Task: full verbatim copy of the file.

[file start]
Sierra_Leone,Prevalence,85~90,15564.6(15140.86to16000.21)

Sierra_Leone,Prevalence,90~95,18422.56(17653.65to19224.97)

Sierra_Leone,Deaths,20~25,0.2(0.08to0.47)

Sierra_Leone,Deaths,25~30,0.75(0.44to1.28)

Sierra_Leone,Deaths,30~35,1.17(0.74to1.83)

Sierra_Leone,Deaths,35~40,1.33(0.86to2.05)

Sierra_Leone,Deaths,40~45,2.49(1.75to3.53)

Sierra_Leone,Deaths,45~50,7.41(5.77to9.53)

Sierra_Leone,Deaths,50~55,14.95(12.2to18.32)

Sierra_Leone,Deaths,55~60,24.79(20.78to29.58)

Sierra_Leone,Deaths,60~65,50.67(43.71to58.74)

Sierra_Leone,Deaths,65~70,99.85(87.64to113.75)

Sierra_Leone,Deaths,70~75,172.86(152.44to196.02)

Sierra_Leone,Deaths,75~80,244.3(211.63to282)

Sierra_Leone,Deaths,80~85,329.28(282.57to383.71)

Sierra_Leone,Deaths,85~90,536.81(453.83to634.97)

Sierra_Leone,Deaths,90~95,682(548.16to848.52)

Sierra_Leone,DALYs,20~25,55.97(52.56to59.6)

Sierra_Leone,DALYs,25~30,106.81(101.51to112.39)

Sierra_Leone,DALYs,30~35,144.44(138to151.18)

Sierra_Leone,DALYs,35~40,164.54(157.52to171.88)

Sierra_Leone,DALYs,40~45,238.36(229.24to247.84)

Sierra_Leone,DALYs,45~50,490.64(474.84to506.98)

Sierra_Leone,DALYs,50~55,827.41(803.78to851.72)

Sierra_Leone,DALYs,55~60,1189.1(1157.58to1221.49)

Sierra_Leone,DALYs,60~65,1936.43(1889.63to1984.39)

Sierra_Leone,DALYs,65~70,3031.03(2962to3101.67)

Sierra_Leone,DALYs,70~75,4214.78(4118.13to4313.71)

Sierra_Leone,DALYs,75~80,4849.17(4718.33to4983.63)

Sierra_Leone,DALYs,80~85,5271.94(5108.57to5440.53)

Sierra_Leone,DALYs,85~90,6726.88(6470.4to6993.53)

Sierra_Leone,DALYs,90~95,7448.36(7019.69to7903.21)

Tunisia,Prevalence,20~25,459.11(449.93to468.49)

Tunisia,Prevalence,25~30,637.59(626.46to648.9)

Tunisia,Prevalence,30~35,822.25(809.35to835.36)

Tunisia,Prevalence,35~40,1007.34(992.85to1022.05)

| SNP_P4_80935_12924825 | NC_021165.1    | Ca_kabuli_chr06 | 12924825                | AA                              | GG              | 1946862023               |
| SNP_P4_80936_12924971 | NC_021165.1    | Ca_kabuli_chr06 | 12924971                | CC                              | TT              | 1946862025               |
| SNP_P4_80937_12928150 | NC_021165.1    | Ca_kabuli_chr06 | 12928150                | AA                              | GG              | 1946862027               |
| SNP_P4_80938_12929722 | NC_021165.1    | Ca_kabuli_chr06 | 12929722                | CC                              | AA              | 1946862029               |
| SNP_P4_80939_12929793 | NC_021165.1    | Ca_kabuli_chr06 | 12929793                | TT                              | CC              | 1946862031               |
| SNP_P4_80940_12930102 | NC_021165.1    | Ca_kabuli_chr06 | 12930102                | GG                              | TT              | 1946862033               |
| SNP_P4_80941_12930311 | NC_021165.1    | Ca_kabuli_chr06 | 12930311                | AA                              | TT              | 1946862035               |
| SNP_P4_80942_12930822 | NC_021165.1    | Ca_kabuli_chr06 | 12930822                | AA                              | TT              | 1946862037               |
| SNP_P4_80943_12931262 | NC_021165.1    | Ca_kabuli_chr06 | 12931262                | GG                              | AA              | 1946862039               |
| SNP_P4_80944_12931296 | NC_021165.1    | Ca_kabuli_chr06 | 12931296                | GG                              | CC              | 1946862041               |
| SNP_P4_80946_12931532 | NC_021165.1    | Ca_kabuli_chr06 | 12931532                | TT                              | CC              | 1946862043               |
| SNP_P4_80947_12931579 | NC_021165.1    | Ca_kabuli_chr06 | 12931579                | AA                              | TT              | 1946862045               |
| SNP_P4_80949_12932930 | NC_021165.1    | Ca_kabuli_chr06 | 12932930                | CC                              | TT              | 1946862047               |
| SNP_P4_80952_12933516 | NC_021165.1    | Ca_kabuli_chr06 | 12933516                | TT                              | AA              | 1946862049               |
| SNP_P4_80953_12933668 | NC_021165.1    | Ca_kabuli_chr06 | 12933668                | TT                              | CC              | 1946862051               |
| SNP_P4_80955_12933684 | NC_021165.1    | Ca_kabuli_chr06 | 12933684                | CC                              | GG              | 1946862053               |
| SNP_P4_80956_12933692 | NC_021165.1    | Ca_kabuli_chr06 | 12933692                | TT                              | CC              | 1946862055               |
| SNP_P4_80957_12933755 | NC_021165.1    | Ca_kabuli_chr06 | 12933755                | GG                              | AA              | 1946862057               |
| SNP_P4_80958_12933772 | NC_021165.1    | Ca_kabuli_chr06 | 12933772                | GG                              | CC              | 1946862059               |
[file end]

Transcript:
Sierra_Leone,Prevalence,85~90,15564.6(15140.86to16000.21)

Sierra_Leone,Prevalence,90~95,18422.56(17653.65to19224.97)

Sierra_Leone,Deaths,20~25,0.2(0.08to0.47)

Sierra_Leone,Deaths,25~30,0.75(0.44to1.28)

Sierra_Leone,Deaths,30~35,1.17(0.74to1.83)

Sierra_Leone,Deaths,35~40,1.33(0.86to2.05)

Sierra_Leone,Deaths,40~45,2.49(1.75to3.53)

Sierra_Leone,Deaths,45~50,7.41(5.77to9.53)

Sierra_Leone,Deaths,50~55,14.95(12.2to18.32)

Sierra_Leone,Deaths,55~60,24.79(20.78to29.58)

Sierra_Leone,Deaths,60~65,50.67(43.71to58.74)

Sierra_Leone,Deaths,65~70,99.85(87.64to113.75)

Sierra_Leone,Deaths,70~75,172.86(152.44to196.02)

Sierra_Leone,Deaths,75~80,244.3(211.63to282)

Sierra_Leone,Deaths,80~85,329.28(282.57to383.71)

Sierra_Leone,Deaths,85~90,536.81(453.83to634.97)

Sierra_Leone,Deaths,90~95,682(548.16to848.52)

Sierra_Leone,DALYs,20~25,55.97(52.56to59.6)

Sierra_Leone,DALYs,25~30,106.81(101.51to112.39)

Sierra_Leone,DALYs,30~35,144.44(138to151.18)

Sierra_Leone,DALYs,35~40,164.54(157.52to171.88)

Sierra_Leone,DALYs,40~45,238.36(229.24to247.84)

Sierra_Leone,DALYs,45~50,490.64(474.84to506.98)

Sierra_Leone,DALYs,50~55,827.41(803.78to851.72)

Sierra_Leone,DALYs,55~60,1189.1(1157.58to1221.49)

Sierra_Leone,DALYs,60~65,1936.43(1889.63to1984.39)

Sierra_Leone,DALYs,65~70,3031.03(2962to3101.67)

Sierra_Leone,DALYs,70~75,4214.78(4118.13to4313.71)

Sierra_Leone,DALYs,75~80,4849.17(4718.33to4983.63)

Sierra_Leone,DALYs,80~85,5271.94(5108.57to5440.53)

Sierra_Leone,DALYs,85~90,6726.88(6470.4to6993.53)

Sierra_Leone,DALYs,90~95,7448.36(7019.69to7903.21)

Tunisia,Prevalence,20~25,459.11(449.93to468.49)

Tunisia,Prevalence,25~30,637.59(626.46to648.9)

Tunisia,Prevalence,30~35,822.25(809.35to835.36)

Tunisia,Prevalence,35~40,1007.34(992.85to1022.05)

| SNP_P4_80935_12924825 | NC_021165.1    | Ca_kabuli_chr06 | 12924825                | AA                              | GG              | 1946862023               |
| SNP_P4_80936_12924971 | NC_021165.1    | Ca_kabuli_chr06 | 12924971                | CC                              | TT              | 1946862025               |
| SNP_P4_80937_12928150 | NC_021165.1    | Ca_kabuli_chr06 | 12928150                | AA                              | GG              | 1946862027               |
| SNP_P4_80938_12929722 | NC_021165.1    | Ca_kabuli_chr06 | 12929722                | CC                              | AA              | 1946862029               |
| SNP_P4_80939_12929793 | NC_021165.1    | Ca_kabuli_chr06 | 12929793                | TT                              | CC              | 1946862031               |
| SNP_P4_80940_12930102 | NC_021165.1    | Ca_kabuli_chr06 | 12930102                | GG                              | TT              | 1946862033               |
| SNP_P4_80941_12930311 | NC_021165.1    | Ca_kabuli_chr06 | 12930311                | AA                              | TT              | 1946862035               |
| SNP_P4_80942_12930822 | NC_021165.1    | Ca_kabuli_chr06 | 12930822                | AA                              | TT              | 1946862037               |
| SNP_P4_80943_12931262 | NC_021165.1    | Ca_kabuli_chr06 | 12931262                | GG                              | AA              | 1946862039               |
| SNP_P4_80944_12931296 | NC_021165.1    | Ca_kabuli_chr06 | 12931296                | GG                              | CC              | 1946862041               |
| SNP_P4_80946_12931532 | NC_021165.1    | Ca_kabuli_chr06 | 12931532                | TT                              | CC              | 1946862043               |
| SNP_P4_80947_12931579 | NC_021165.1    | Ca_kabuli_chr06 | 12931579                | AA                              | TT              | 1946862045               |
| SNP_P4_80949_12932930 | NC_021165.1    | Ca_kabuli_chr06 | 12932930                | CC                              | TT              | 1946862047               |
| SNP_P4_80952_12933516 | NC_021165.1    | Ca_kabuli_chr06 | 12933516                | TT                              | AA              | 1946862049               |
| SNP_P4_80953_12933668 | NC_021165.1    | Ca_kabuli_chr06 | 12933668                | TT                              | CC              | 1946862051               |
| SNP_P4_80955_12933684 | NC_021165.1    | Ca_kabuli_chr06 | 12933684                | CC                              | GG              | 1946862053               |
| SNP_P4_80956_12933692 | NC_021165.1    | Ca_kabuli_chr06 | 12933692                | TT                              | CC              | 1946862055               |
| SNP_P4_80957_12933755 | NC_021165.1    | Ca_kabuli_chr06 | 12933755                | GG                              | AA              | 1946862057               |
| SNP_P4_80958_12933772 | NC_021165.1    | Ca_kabuli_chr06 | 12933772                | GG                              | CC              | 1946862059               |